Igneous or “of fire”

By Rosemary Royston

Magma undulates in the mantle, forming as the Earth’s plates collide.

      A man and woman collide
      in a café.  He pays for the coffee,
      and they share a table as they laugh
      and trade numbers.

Magma is less dense than the rock around it, and it begins to rise.

      As they leave, he rises from his seat
      and holds open the door, placing one hand
      on the small of her back. The skin
      under her thin cotton burns.

When magma erupts onto the surface of the Earth, it is called lava.  

      Months later they lie in bed, amid
      tangled sheets. The surface of their bodies
      hot to the touch. 

Sheets of lava flow over the ground; the lava eventually cools.

     She’s on her side, one hand on his chest,
     one leg on his. Their exposed limbs,
     once wet with sweat, begin to cool.

Cooled lava hardens and turns into basalt, pumice, or scoria.  

      On their 50th he gives her gold.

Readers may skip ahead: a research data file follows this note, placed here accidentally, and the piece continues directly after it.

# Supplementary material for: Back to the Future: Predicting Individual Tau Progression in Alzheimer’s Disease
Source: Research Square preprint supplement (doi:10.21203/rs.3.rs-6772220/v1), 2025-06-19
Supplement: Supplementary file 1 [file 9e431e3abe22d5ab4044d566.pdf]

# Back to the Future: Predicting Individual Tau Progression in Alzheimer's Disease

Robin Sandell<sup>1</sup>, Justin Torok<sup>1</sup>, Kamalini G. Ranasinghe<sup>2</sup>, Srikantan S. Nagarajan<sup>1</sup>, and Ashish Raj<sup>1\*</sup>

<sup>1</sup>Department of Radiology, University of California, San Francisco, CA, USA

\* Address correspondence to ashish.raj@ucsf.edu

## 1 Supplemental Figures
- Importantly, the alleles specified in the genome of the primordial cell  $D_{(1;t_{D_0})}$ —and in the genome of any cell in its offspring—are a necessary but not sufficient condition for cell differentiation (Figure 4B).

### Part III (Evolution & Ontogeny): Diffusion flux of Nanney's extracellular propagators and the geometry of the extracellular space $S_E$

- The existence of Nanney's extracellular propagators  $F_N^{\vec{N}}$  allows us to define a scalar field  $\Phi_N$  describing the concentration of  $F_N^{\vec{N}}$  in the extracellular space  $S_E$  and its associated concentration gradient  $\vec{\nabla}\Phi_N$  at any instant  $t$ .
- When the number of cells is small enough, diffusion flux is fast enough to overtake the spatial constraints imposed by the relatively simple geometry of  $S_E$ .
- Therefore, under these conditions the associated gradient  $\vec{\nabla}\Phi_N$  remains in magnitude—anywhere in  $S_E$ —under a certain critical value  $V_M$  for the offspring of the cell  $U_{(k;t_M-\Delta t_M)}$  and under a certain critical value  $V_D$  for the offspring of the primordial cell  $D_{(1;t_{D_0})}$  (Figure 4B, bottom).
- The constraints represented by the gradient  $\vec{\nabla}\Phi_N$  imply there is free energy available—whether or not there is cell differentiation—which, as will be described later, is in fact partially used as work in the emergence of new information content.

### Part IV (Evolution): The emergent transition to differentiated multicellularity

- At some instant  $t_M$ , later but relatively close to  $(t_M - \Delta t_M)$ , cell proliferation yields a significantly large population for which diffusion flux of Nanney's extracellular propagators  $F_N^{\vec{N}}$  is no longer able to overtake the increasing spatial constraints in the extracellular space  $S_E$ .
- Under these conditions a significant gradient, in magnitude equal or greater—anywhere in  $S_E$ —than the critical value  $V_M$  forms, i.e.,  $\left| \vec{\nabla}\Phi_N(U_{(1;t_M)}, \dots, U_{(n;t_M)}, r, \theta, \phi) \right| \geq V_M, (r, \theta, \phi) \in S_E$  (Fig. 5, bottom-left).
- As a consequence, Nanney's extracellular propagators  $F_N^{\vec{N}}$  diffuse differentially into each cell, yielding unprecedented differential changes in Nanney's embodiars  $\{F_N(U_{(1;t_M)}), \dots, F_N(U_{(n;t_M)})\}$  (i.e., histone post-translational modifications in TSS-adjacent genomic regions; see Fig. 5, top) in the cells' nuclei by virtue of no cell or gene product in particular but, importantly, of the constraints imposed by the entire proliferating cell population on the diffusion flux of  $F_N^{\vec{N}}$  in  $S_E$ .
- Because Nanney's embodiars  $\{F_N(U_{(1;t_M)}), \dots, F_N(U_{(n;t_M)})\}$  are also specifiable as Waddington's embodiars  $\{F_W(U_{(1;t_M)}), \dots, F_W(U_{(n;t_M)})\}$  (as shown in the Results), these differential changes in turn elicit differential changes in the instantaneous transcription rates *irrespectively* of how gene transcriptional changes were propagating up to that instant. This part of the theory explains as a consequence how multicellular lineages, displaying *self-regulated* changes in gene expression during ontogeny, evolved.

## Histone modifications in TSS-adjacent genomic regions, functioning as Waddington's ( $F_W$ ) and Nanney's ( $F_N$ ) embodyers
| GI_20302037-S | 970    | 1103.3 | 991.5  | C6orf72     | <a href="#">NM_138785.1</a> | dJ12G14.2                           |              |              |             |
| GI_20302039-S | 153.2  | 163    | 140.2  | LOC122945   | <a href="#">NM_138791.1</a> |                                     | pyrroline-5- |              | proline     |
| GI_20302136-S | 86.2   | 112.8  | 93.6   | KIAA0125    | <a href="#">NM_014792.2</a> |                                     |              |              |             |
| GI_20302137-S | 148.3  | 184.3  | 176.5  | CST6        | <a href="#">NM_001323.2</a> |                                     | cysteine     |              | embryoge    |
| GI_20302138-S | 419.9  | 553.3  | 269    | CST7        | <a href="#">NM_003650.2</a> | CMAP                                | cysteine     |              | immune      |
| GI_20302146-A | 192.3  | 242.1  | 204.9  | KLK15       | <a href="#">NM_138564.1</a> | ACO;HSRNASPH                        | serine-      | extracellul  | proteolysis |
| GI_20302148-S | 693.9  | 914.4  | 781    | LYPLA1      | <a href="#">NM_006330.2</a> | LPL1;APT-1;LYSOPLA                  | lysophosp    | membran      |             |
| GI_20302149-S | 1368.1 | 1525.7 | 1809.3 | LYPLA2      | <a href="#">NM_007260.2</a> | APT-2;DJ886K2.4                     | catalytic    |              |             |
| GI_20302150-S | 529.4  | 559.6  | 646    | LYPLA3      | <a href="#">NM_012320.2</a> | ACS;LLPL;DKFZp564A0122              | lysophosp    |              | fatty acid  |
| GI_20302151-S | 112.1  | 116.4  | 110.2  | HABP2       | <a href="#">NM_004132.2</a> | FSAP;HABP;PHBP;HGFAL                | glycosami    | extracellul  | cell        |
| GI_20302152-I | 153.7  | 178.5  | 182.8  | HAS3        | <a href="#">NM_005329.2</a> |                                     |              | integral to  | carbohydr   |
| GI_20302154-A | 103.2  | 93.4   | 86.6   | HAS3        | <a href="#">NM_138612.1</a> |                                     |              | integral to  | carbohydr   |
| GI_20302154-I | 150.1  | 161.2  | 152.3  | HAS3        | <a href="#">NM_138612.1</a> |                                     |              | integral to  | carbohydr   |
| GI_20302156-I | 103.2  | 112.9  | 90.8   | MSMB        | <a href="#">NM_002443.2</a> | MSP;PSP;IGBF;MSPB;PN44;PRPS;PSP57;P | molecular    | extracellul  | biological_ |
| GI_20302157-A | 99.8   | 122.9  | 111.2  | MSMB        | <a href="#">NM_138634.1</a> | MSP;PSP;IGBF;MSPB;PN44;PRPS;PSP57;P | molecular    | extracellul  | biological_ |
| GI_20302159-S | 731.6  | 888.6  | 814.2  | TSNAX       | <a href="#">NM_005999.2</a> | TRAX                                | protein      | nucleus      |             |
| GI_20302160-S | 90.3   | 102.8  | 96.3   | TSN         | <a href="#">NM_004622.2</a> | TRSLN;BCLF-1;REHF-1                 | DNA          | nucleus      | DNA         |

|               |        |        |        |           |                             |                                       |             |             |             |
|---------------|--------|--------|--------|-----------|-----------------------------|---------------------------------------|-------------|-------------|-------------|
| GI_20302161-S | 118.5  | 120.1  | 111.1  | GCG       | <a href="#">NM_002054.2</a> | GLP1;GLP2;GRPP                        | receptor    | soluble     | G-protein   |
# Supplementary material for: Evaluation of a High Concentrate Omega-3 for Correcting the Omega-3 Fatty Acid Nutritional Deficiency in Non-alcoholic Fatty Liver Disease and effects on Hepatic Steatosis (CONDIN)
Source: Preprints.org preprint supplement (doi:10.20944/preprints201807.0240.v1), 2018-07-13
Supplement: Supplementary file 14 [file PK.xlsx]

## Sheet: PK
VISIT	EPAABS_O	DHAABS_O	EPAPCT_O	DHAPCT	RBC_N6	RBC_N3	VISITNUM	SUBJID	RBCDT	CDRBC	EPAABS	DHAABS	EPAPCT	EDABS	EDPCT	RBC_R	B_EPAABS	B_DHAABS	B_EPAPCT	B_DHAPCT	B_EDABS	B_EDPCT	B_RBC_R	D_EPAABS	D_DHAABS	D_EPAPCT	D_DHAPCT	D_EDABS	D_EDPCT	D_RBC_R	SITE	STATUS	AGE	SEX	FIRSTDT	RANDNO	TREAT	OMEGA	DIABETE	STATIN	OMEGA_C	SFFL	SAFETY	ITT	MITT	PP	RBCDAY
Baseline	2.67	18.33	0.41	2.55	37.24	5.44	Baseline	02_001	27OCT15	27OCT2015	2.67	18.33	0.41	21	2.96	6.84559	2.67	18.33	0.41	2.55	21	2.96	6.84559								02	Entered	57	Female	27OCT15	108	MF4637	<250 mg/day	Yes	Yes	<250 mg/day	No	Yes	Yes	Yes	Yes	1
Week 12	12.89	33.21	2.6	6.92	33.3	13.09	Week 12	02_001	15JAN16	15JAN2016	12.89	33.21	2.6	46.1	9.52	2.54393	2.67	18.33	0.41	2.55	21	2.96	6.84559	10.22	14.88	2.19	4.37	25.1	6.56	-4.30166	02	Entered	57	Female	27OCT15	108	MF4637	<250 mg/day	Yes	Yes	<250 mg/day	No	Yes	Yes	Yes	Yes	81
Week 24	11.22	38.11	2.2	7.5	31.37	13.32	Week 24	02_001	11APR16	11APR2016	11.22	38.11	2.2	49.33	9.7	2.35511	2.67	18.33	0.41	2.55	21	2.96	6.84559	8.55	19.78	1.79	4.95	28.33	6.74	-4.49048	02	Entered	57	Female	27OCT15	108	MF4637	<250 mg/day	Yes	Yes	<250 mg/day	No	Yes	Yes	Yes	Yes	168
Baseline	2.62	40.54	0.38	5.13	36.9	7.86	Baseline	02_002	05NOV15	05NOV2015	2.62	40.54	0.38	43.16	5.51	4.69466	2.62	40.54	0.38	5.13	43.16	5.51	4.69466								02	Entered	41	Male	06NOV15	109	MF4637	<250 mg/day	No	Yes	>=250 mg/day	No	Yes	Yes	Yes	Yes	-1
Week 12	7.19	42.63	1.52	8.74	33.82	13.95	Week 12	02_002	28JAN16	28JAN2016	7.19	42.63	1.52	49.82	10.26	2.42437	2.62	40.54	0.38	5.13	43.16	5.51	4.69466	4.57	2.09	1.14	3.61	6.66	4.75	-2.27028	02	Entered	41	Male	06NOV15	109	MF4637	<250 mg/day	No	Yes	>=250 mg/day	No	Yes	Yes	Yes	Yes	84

She turns the ring on her finger,
      and feels the cool metal grow warm
      against her flesh.
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About Rosemary Royston

Rosemary Royston lives in northeast Georgia. Her work has been published in The Comstock Review, Main Street Rag, Mom Writer’s Literary Magazine, Public Republic, and Dark Sky Magazine. Her chapbook was a finalist in the 2009 Jessie Bryce Niles chapbook contest, and she was the 2004 recipient of first and third place in poetry, Porter Fleming Literary Awards. Rosemary holds an MFA in Writing from Spalding University.


  1. Susan Anderson
    Posted December 2010 at 3:53 pm | Permalink

    Your name is so pretty, it doesn’t seem to need a greeting before it. I really like this poem. I’ve been interested in this website, and now I know someone published on it!
    I like the way you precede the human poetry with scientific fact. It enriches the human relational illustration.
    Thanks for sharing,
    Susan Anderson

  2. Bob Grove
    Posted February 2011 at 12:54 pm | Permalink

    Hi, Rosemary: I enjoyed your reading of this poem in Hiwassee a few weeks ago, and enjoyed it again here where I can see the metaphors are emphasized in place. Congratulations on your well-deserved acknowledgment.

  3. Posted February 2011 at 4:52 pm | Permalink

    Wonderful metaphor, vividly expressed. Reading as a widow, I wonder how the same metaphor might be extended even farther. Perhaps with the notion of the fertility of volcanic soil?

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